As my inflated tube bobbed up and down, I was about to enter the swiftest portion of the river just at the head of the swimming hole when I heard frantic cries, “Save her! Save her!” A young lady swimmer, accustomed to the still waters of a gymnasium swimming pool, had fallen from the rock into the treacherous whirlpools. None of the party could swim to save her. Suddenly I appeared on the potentially tragic scene. I saw the top of her head disappearing under the water for the third time, there to descend to a watery grave. I stretched forth my hand, grasped her hair, and lifted her over the side of the tube and into my arms. At the pool’s lower end, the water was slower as I paddled the tube, with my precious cargo, to her waiting relatives and friends. They threw their arms around the water-soaked girl and kissed her, crying, “Thank God! Thank God you are safe!” Then they hugged and kissed me. I was embarrassed and quickly returned to the tube and continued my float down to the Vivian Park bridge. The water was frigid, but I was not cold, for I was filled with a warm feeling. I realized that I had participated in the saving of a life. Heavenly Father had heard the cries, “Save her! Save her,” and permitted me, a deacon, to float by at precisely the time I was needed. That day I learned that the sweetest feeling in mortality is to realize that God, our Heavenly Father, knows each one of us and generously permits us to see and to share His divine power to save.

Pray always in the performance of your priesthood responsibilities, and you will never be in the position of Alice in Wonderland. As Lewis Carroll tells us, Alice was following a path through a forest in Wonderland when it divided into two directions. Standing irresolute, she inquired of the Cheshire Cat, which had suddenly appeared in a nearby tree, which path she should take. “Where do you want to go?” asked the cat.

“I don’t know,” said Alice.

“Then,” said the cat, “it really doesn’t matter, does it?”

We who hold the priesthood know where it is we wish to go. Our objective is the celestial kingdom of our Heavenly Father. Ours is the sacred duty to follow the well-defined path that leads to it.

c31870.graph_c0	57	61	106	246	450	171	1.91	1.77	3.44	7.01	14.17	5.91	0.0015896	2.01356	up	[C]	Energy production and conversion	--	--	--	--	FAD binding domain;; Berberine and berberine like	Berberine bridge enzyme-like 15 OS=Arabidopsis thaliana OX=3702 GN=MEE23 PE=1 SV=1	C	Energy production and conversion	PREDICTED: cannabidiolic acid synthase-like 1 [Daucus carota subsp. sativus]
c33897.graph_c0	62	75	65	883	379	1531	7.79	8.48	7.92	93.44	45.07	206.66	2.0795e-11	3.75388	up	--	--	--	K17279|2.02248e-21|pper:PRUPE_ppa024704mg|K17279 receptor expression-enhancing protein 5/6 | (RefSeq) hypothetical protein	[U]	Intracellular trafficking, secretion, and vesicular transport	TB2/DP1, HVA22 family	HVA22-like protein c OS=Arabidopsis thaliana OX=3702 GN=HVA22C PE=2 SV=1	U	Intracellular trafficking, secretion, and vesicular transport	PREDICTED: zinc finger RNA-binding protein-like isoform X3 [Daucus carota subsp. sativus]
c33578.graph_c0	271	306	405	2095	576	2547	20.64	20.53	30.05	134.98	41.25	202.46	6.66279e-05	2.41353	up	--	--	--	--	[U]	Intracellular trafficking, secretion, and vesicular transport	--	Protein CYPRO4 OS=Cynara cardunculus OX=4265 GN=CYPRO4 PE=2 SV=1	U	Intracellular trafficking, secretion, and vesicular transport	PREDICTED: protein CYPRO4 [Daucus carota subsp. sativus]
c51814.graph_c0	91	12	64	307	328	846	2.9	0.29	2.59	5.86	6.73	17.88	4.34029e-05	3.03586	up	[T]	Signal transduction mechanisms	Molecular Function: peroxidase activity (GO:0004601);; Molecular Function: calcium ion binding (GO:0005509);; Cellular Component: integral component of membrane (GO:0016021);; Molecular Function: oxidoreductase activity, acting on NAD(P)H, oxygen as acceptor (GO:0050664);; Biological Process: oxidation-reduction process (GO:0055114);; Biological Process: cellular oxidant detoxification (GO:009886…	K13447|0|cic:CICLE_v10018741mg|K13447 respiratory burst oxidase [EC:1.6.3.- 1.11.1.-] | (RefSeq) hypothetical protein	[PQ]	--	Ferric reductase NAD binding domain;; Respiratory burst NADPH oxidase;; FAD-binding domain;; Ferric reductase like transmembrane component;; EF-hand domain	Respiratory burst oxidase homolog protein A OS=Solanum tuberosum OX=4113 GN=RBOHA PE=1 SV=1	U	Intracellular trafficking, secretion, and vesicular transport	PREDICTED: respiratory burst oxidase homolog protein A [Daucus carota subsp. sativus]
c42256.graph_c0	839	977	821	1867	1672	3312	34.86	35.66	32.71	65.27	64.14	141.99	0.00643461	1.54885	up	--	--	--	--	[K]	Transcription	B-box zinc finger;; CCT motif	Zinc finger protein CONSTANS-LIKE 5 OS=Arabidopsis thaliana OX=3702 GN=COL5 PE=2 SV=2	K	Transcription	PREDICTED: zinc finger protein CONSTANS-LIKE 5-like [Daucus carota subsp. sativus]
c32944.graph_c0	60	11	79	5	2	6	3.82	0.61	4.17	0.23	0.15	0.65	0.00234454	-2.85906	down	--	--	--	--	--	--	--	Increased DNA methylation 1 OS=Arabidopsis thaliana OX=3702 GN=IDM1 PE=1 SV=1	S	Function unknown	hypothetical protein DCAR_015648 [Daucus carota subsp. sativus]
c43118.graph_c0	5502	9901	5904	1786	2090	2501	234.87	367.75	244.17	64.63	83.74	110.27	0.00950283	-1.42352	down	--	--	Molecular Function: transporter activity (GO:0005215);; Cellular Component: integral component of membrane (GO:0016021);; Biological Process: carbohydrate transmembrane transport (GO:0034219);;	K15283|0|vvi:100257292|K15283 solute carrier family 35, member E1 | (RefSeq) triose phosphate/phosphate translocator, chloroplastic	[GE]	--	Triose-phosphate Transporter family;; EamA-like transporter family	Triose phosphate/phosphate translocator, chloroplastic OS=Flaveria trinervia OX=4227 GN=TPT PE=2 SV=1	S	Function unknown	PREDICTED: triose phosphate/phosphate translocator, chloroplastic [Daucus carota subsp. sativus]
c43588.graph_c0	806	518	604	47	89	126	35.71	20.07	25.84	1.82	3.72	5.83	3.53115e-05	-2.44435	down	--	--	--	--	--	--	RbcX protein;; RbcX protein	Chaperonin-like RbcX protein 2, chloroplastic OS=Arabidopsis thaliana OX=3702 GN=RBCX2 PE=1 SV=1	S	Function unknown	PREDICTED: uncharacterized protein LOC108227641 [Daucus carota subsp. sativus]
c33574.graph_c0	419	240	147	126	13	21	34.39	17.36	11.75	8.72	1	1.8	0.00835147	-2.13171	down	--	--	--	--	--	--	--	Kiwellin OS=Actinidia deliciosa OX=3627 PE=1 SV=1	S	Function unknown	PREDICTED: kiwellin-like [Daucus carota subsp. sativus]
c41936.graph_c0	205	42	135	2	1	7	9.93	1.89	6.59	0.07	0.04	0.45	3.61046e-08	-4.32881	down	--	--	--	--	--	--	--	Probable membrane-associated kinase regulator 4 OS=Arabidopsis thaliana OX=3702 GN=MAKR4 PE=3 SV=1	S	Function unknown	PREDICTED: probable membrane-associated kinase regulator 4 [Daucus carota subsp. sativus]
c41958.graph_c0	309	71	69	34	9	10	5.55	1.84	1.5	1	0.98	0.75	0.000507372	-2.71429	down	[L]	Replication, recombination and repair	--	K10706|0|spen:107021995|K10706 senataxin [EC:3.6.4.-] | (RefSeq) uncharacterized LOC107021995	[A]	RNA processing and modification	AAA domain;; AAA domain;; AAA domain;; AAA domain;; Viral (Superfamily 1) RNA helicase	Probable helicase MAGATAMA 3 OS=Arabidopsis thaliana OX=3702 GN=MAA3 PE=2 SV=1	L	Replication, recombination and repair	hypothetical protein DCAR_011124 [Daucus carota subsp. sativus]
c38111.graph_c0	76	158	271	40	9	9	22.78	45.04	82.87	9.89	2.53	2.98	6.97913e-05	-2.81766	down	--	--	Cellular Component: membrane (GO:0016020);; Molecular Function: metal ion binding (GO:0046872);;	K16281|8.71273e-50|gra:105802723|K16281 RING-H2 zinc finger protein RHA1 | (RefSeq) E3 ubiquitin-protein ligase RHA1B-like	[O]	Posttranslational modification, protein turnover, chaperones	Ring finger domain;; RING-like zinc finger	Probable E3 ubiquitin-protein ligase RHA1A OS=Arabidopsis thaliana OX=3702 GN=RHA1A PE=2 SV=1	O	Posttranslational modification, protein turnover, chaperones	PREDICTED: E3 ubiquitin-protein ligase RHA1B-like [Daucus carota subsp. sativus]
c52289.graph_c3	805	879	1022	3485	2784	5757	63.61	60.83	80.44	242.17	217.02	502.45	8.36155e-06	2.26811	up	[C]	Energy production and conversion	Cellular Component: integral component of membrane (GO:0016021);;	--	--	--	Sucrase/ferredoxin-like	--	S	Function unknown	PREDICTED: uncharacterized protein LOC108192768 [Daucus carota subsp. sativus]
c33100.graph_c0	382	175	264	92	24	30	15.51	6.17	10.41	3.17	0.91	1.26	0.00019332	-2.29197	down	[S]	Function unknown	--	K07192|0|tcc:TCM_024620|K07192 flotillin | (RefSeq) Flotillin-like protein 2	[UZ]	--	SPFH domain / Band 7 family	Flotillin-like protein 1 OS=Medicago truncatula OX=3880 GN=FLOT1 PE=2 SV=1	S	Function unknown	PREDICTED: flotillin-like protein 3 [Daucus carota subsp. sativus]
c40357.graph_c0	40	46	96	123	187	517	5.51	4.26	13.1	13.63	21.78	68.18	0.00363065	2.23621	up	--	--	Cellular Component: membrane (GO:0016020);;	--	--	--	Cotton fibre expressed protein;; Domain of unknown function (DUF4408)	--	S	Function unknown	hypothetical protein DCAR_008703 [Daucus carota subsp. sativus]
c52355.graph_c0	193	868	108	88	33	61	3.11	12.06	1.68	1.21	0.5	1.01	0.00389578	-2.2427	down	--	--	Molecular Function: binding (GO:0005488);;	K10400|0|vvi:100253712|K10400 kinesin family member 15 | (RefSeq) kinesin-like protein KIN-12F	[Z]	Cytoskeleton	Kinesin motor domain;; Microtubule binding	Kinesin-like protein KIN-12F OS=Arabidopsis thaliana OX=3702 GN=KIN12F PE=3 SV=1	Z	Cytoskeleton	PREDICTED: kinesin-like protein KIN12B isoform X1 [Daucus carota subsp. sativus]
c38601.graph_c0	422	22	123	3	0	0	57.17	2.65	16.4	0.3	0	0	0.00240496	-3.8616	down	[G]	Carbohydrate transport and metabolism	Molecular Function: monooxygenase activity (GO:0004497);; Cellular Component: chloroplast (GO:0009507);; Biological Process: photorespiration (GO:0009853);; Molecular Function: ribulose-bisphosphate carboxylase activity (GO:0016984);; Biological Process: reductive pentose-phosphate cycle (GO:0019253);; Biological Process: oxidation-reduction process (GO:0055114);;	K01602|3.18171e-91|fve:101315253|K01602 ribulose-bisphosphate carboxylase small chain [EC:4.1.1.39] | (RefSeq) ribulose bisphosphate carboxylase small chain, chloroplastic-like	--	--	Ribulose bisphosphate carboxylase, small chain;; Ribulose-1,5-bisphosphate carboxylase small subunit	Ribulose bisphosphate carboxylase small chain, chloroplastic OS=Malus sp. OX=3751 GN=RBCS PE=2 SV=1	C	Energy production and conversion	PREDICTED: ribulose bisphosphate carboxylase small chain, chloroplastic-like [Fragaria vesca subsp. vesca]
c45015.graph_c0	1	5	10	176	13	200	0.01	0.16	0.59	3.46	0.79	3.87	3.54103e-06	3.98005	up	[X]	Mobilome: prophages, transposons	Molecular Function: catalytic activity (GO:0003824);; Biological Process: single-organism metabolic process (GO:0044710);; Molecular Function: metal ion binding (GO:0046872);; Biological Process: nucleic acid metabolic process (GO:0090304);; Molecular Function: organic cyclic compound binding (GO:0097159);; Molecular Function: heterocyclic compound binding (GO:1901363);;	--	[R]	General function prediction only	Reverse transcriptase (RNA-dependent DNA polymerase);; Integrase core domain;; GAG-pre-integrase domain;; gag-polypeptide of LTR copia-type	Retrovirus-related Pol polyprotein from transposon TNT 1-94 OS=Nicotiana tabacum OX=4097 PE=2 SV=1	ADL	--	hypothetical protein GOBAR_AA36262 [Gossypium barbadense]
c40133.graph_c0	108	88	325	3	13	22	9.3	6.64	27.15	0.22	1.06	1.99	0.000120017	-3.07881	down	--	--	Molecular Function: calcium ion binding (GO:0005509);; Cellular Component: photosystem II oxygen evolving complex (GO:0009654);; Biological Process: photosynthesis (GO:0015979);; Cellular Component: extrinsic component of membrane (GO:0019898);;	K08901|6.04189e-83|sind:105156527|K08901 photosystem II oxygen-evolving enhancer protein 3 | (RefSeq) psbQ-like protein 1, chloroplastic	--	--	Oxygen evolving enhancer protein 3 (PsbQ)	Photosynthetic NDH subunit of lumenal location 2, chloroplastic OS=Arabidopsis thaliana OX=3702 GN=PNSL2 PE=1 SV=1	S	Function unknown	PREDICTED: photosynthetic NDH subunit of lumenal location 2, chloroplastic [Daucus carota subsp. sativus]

Soon you will be ready to serve a mission. It’s wonderful that you are willing and prepared to serve wherever the Spirit of the Lord directs. This alone is a modern miracle, considering the times in which we live.

Missionary work is hard work. Missionary service is demanding and requires long hours of study and preparation, that the missionary himself might match the divine message he proclaims. It is a labor of love but also of sacrifice and devotion to duty.

An anxious mother of a prospective missionary once asked me what I would recommend her son learn before the arrival of his missionary call. I am certain she anticipated a profound response which would contain the more familiar requirements for service of which we are all aware. However, I said, “Teach your son how to cook, but more particularly, teach him how to get along with others. He will be happier and more productive if he learns these two vital skills.”

Young men, you are preparing for your missions when you learn your duties as deacons, teachers, and priests and then perform those duties with determination and love, knowing you are on the Lord’s errand.

Sometimes the lessons will come quietly. A few weeks ago I was visiting a sacrament meeting at a care facility in Salt Lake City. The priests at the sacrament table were sitting quietly prior to performing their duties when the opening hymn was announced. A patient near the front of the large room had difficulty opening his hymnbook. Without so much as a question, one of the young men slipped to the patient’s side and, gently turning the pages to the correct hymn, placed the disabled man’s finger at the beginning of the first verse of the hymn. They exchanged an understanding smile, and the priest returned to his seat. This modest gesture of love and helpfulness impressed me. I congratulated him and said, “You are going to be an effective missionary.”

Some missionaries are gifted with the power of expression, while others have a superior knowledge of the gospel. Some, however, are late bloomers who day by day become more proficient and successful. Avoid the temptation of ladder climbing in the mission leadership ranks. It matters little whether you are a district or zone leader or assistant to the president. The important thing is that each one does his very best in the work to which he has been called. Why, I had some missionaries who were so adept at training new missionaries that I couldn’t spare them for other leadership assignments.